Other Malignancies

Among US paper mill workers with presumed exposure to formaldehyde, four cases of urinary tract cancer were found after 30 years’ latency, although only one was expected (Robinson, Waxweiller and Fowler 1986). All of these individuals had worked in the paper-drying areas of the paper mills.

In a case-control study from Massachusetts, central nervous system tumours in childhood were associated with an unspecified paternal occupation as a paper and pulp mill worker (Kwa and Fine 1980). The authors regarded their observation as a random event. However, in three subsequent studies, increased risks were also found (Johnson et al. 1987; Nasca et al. 1988; Kuijten, Bunin and Nass 1992). In studies from Sweden and Finland, two- to threefold increased risks of brain tumours were observed among pulp and paper mill workers.

ENVIRONMENTAL AND PUBLIC HEALTH ISSUES

Anya Keefe and Kay Teschke

Because the pulp and paper industry is a large consumer of natural resources (i.e., wood, water and energy), it can be a major contributor to water, air and soil pollution problems and has come under a great deal of scrutiny in recent years. This concern appears to be warranted, considering the quantity of water pollutants generated per tonne of pulp (e.g., 55 kg of biological oxygen demand, 70 kg of suspended solids, and up to 8 kg of organochlorine compounds) and the amount of pulp produced globally on an annual basis (approximately 180 million tonnes in 1994). In addition, only about 35% of used paper is recycled, and waste paper is a major contributor to total worldwide solid waste (about 150 million of 500 million tonnes annually).

Historically, pollution control was not considered in the design of pulp and paper mills. Many of the processes used in the industry were developed with little regard for minimizing effluent volume and pollutant concentration. Since the 1970s, pollution abatement technologies have become integral components of mill design in Europe, North America and other parts of the world. Figure 71.12  illustrates trends over the period 1980 to 1994 in Canadian pulp and paper mills in response to some of these environmental concerns: increased use of wood waste products and recyclable paper as fibre sources; and decreased oxygen demand and chlorinated organics in wastewater.

Figure 72.12 Environmental indicators in Canadian pulp and paper mills, 1980 to 1994, showing use of  wood waste and recyclable paper in production, and biological oxygen demand (BOD) and  organochlorine compounds (AOX) in wastewater effluent

This article discusses the major environmental issues associated with the pulp and paper process, identifies the sources of pollution within the process and briefly describes control technologies, including both external treatment and in-plant modifications. Issues arising from wood waste and anti-sapstain fungicides are dealt with in more detail in the chapter Lumber.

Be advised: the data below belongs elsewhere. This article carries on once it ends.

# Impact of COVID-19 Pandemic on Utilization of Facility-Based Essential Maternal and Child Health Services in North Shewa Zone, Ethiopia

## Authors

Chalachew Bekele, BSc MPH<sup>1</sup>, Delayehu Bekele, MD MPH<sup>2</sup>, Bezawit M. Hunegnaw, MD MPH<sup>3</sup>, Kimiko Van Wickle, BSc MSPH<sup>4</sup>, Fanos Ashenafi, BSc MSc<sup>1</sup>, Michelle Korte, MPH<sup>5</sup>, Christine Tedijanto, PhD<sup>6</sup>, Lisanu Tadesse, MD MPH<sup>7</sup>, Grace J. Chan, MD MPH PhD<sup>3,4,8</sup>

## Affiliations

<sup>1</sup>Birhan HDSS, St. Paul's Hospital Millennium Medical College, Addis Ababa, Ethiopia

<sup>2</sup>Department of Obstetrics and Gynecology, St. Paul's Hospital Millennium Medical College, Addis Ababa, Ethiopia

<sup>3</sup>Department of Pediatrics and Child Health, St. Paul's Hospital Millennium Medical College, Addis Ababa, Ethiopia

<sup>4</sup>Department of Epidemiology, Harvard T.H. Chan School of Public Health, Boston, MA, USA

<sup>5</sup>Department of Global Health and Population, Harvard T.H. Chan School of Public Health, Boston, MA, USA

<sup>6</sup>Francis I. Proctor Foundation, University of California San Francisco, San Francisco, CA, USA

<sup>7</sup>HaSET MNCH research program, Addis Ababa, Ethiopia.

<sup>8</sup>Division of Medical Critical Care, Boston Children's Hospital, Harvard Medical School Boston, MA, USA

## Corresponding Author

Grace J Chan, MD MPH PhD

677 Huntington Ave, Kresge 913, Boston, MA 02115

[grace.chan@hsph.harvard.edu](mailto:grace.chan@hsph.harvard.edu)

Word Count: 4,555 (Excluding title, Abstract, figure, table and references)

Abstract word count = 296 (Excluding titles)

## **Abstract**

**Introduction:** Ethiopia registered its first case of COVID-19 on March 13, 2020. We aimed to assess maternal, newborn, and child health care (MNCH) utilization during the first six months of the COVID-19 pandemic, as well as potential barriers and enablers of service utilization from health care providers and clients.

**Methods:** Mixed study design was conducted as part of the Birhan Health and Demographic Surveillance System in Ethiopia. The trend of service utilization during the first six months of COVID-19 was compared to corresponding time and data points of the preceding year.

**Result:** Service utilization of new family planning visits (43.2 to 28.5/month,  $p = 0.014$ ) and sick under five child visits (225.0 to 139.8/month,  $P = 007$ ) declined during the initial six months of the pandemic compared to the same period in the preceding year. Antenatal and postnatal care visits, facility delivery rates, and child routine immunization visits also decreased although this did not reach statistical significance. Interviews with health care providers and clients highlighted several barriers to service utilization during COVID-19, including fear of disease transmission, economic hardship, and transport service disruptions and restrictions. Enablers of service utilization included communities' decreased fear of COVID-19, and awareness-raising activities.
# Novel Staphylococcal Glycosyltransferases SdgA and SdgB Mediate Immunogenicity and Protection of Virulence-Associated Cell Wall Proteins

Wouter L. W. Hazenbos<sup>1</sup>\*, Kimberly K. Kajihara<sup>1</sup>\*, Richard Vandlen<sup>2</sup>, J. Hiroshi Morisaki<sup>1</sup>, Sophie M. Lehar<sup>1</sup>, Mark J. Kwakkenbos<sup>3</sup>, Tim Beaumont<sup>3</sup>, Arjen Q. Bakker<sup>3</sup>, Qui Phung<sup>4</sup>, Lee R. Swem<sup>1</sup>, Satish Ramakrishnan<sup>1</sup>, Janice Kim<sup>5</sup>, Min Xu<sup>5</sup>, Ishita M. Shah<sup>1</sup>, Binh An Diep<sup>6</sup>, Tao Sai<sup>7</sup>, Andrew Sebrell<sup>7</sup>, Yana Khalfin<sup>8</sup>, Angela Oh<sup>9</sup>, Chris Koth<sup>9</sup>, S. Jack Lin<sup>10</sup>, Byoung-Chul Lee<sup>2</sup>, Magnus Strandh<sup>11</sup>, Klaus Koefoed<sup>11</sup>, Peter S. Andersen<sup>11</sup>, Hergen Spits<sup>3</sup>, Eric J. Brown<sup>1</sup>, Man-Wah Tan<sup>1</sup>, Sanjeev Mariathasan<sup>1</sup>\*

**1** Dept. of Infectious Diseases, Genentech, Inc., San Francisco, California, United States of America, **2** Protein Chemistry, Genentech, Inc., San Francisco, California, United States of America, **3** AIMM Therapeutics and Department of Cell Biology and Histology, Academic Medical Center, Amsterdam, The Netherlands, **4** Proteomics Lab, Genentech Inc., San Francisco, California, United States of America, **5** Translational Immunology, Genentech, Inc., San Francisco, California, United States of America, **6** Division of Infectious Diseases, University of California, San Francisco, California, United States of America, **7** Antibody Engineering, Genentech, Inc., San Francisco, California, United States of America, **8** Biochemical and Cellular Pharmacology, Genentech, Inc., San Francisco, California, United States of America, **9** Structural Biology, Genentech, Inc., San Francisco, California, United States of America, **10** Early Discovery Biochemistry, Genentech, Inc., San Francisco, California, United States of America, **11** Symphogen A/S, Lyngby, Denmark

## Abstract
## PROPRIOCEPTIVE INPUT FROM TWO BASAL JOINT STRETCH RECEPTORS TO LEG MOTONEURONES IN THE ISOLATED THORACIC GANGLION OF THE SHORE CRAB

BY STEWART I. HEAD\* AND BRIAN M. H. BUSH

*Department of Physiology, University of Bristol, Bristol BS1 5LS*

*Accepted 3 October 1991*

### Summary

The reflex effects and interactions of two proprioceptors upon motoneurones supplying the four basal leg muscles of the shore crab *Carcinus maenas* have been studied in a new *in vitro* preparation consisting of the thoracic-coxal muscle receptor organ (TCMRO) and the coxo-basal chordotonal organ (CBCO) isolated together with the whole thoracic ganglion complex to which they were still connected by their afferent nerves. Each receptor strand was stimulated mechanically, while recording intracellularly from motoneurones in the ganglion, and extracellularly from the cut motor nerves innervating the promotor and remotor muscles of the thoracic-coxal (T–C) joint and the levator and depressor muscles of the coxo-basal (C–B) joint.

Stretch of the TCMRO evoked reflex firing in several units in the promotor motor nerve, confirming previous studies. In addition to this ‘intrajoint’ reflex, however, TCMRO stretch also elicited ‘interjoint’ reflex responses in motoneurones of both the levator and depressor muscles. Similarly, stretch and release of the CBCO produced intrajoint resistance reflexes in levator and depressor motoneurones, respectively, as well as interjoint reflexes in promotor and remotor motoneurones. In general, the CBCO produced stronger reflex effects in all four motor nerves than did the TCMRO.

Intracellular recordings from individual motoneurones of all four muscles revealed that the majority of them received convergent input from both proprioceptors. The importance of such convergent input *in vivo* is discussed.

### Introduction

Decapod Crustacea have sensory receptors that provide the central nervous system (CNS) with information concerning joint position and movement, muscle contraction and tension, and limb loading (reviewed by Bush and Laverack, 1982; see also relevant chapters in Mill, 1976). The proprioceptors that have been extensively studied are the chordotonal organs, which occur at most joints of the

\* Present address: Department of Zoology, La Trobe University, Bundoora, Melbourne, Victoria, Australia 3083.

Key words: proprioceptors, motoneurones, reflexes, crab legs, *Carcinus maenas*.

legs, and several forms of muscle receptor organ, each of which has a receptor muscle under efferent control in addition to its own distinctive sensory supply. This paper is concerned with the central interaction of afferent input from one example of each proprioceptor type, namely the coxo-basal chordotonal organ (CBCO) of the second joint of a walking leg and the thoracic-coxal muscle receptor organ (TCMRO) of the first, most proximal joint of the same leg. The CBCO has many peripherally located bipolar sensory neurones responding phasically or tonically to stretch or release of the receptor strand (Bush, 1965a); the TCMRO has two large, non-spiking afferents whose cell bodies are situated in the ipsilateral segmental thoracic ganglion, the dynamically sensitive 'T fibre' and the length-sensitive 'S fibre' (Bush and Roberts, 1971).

Air Pollution Issues

Air emissions of oxidized sulphur compounds from pulp and paper mills have caused damage to vegetation, and emissions of reduced sulphur compounds have generated complaints about “rotten egg” odours. Studies among residents of pulp mill communities, in particular children, have shown respiratory effects related to particulate emissions, and mucous membrane irritation and headache thought to be related to reduced sulphur compounds. Of the pulping processes, those with the greatest potential to cause air pollution problems are chemical methods, in particular kraft pulping.

Sulphur oxides are emitted at the highest rates from sulphite operations, especially those using calcium or magnesium bases. The major sources include batch digester blows, evaporators and liquor preparation, with washing, screening and recovery operations contributing lesser amounts. Kraft recovery furnaces are also a source of sulphur dioxide, as are power boilers which use high-sulphur coal or oil as fuel.

Reduced sulphur compounds, including hydrogen sulphide, methyl mercaptan, dimethyl sulphide and dimethyl disulphide, are almost exclusively associated with kraft pulping, and give these mills their characteristic odour. The major sources include the recovery furnace, digester blow, digester relief valves, and washer vents, though evaporators, smelt tanks, slakers, the lime kiln and waste water may also contribute. Some sulphite operations use reducing environments in their recovery furnaces and may have associated reduced sulphur odour problems.

Sulphur gases emitted by the recovery boiler are best controlled by reducing emissions at the source. Controls include black liquor oxidation, reduction in liquor sulphidity, low-odour recovery boilers and proper operation of the recovery furnace. Sulphur gases from digester blow, digester relief valves and liquor evaporation can be collected and incinerated - for example, in the lime kiln. Combustion flue gases can be collected using scrubbers.

Nitrogen oxides are produced as products of high-temperature combustion, and may arise in any mill with a recovery boiler, power boiler or lime kiln, depending on the operating conditions. The formation of nitrogen oxides can be controlled by regulating temperatures, air-fuel ratios and residence time in the combustion zone. Other gaseous compounds are minor contributors to mill air pollution (e.g., carbon monoxide from incomplete combustion, chloroform from bleaching operations, and volatile organics from digester relief and liquor evaporation).